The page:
Taiwan Voters Prove They are not Sheep
Monday September 28, by Jerome F. Keating Ph.D.
On Saturday, September 26, Taiwan voters made a statement; it was simple, but it was direct and to the point. They said, we are not sheep; don't expect us to follow all the old patterns; don't think you can always buy our votes; don't think big advertising campaigns will always sway us. Taiwan voters once again proved that Taiwan is a democracy and people can vote their minds - unlike that other country that lies somewhere to the west of Taiwan where their paternalistic and patronizing government tells them what is best for them. What country is that; well let's forget about their name, what was the vote on in Taiwan.
The first vote was in Penghu; it was local and a referendum on whether to allow gambling casinos to be built. The developers supported by members of the Chinese Nationalist Party (KMT) put out a strong campaign with ads and promotion. It had to have cost big bucks, but of course if passed big bucks were to be made. Debates were held; religious groups opposed as well as environmentalists, but the developers had the money for advertising. The KMT also stacked the deck in having the referendum not follow the normal strict rules that set the bar high for passage. In this one they needed only one vote more than the opposition. With these odds, most expected the casinos to win, but ... well like in gambling, you can't always count on the odds and in a democracy, and sometimes the people surprise you. Penghu voted no casinos.
The second vote was in Yunlin County to replace the KMT legislator who had been convicted of vote-buying. There were three candidates. One was the ex-KMT legislator's father (Chang Hui-yuan) who had organized the vote-buying for his son. Isn't that a slap in the face, but that tells you something of local politics in Taiwan. The father ran as an independent, obviously because the family had too much invested to just let the seat go. The second was the KMT replacement candidate, Chang Ken-hui, a respectable candidate. The third was the DPP candidate, Liu Chien-kuo. Liu won, but it was not his win that was surprising since the KMT vote would have been split. What was surprising was that his total vote was larger than the combined vote of the other two. Liu had 74,272 votes; Chang Ken-hui 29,278 votes, and Chang Hui-yuan had 22,747 votes.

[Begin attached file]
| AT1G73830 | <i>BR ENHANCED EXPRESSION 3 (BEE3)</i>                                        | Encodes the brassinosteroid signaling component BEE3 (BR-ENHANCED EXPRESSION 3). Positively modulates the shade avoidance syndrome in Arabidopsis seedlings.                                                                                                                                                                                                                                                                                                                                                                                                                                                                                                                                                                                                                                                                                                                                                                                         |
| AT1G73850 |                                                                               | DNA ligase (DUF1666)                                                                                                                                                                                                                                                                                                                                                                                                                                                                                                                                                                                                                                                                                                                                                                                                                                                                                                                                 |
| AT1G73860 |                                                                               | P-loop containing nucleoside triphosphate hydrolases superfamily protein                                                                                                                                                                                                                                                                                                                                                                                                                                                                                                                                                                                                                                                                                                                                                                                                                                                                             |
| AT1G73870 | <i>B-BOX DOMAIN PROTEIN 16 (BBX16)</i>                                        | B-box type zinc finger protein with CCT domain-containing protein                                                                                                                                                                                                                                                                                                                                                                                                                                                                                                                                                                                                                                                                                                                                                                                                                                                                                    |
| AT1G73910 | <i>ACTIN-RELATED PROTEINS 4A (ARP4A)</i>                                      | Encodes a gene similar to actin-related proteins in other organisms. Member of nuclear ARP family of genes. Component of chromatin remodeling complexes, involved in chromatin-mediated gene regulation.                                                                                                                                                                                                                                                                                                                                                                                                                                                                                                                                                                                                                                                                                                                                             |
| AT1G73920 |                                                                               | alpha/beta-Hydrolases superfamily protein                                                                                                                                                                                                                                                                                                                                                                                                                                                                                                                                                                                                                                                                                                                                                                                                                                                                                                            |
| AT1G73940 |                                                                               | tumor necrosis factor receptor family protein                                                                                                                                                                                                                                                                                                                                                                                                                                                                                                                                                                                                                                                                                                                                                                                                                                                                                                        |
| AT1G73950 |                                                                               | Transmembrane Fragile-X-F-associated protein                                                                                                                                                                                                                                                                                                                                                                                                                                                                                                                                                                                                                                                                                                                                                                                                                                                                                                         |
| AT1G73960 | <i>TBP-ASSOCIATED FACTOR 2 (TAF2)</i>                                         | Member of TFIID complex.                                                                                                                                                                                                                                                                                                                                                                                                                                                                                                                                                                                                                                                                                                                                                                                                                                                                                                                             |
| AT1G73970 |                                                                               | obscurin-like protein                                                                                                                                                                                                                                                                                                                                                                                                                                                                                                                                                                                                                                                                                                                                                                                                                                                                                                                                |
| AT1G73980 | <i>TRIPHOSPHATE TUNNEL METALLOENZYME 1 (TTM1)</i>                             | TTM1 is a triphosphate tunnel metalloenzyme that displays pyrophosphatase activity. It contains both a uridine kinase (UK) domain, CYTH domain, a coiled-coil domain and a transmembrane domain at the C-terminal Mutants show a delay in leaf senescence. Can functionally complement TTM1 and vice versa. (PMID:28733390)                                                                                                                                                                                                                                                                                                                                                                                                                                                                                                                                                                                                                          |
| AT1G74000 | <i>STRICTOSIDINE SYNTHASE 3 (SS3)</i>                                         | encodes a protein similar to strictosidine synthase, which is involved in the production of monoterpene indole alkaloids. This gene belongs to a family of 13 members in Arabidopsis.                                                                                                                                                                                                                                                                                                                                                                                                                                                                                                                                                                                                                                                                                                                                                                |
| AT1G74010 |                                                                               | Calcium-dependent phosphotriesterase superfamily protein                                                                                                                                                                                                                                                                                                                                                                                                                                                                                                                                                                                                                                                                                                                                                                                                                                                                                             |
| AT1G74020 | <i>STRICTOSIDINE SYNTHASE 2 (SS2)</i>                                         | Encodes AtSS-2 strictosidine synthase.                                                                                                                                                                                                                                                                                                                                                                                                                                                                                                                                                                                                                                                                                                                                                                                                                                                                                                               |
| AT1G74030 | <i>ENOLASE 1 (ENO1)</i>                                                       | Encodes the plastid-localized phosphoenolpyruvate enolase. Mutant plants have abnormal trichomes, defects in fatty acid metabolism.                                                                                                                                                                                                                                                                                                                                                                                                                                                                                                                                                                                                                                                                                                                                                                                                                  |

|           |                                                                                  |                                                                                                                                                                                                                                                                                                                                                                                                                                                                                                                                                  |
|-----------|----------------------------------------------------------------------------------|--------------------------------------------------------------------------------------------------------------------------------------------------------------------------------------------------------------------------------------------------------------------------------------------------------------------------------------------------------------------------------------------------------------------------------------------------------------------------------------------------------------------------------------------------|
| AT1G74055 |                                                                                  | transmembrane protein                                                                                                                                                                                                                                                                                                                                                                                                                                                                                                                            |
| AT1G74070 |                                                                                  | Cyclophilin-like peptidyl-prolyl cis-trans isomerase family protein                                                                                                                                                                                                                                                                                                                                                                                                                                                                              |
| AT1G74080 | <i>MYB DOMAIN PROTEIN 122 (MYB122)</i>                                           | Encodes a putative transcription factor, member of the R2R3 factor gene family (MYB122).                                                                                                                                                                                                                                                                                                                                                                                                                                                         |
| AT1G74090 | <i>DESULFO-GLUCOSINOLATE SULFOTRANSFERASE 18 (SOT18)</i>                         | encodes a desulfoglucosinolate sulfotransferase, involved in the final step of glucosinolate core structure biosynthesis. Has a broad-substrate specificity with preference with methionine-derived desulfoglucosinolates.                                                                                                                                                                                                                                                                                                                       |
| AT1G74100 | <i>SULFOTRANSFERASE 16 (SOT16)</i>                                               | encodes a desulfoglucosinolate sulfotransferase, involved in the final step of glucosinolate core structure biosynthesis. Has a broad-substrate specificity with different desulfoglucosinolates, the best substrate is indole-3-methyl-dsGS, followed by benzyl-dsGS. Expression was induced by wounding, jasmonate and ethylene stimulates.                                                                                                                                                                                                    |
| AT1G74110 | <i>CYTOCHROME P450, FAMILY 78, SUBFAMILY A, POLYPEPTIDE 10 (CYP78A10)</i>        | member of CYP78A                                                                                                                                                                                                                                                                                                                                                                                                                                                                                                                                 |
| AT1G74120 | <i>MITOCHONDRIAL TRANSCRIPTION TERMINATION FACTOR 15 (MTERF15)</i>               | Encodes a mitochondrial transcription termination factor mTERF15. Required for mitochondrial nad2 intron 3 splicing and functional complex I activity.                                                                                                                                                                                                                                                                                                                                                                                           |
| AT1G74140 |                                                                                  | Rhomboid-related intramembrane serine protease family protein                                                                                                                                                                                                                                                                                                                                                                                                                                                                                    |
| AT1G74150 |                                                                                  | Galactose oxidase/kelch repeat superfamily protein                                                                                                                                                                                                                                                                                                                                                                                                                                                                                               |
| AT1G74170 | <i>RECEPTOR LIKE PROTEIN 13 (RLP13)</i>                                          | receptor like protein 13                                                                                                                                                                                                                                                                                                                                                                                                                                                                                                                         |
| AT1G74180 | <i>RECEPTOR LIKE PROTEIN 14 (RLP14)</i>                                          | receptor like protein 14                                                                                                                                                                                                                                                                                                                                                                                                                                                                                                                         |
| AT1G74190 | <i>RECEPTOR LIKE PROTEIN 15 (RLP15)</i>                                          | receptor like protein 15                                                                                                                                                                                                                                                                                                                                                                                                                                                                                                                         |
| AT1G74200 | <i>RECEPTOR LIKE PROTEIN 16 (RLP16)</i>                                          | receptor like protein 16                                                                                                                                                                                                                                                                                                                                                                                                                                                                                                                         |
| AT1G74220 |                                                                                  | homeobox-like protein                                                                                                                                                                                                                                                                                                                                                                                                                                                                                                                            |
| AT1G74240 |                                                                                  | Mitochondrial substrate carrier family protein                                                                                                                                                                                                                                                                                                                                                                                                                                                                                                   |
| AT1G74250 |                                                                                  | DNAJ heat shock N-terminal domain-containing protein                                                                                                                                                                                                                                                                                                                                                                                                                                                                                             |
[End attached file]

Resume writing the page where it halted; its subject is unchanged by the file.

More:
The size of Liu's vote while not tremendously large was, as was said, larger than the combined vote of the other two. Given that the KMT had won the election there, barely a year ago, did have a message. The voters are not sheep; they can change sides and quickly when they sense there is something wrong. That is a good sign for Taiwan.
There is a back story. Ma Ying-jeou, Taiwan's president, did not campaign either in support of the KMT candidate or in support of the father of the ex-KMT legislator. He stayed out of it. Why? A reason for this may be that the given Ma's current unpopularity over Typhoon Morakot and his questionable competence as an administrator, the KMT candidate and the independent did not want him to campaign for them. Ma has been the kiss of death lately.
Another reason could be that Ma thought the KMT candidate might not win and therefore did not want to be visibly associated with another loss. His previous candidate choices in Hualien and Miaoli had lost. But a third reason yet could be that Ma was unable to choose where to throw his support, i.e. to the father of the corrupt ex-legislator, or to the KMT selected candidate. Ma does not like to be held accountable in many matters, so he will avoid any direct commitments. For us, at least we know Taiwan's voters are not sheep.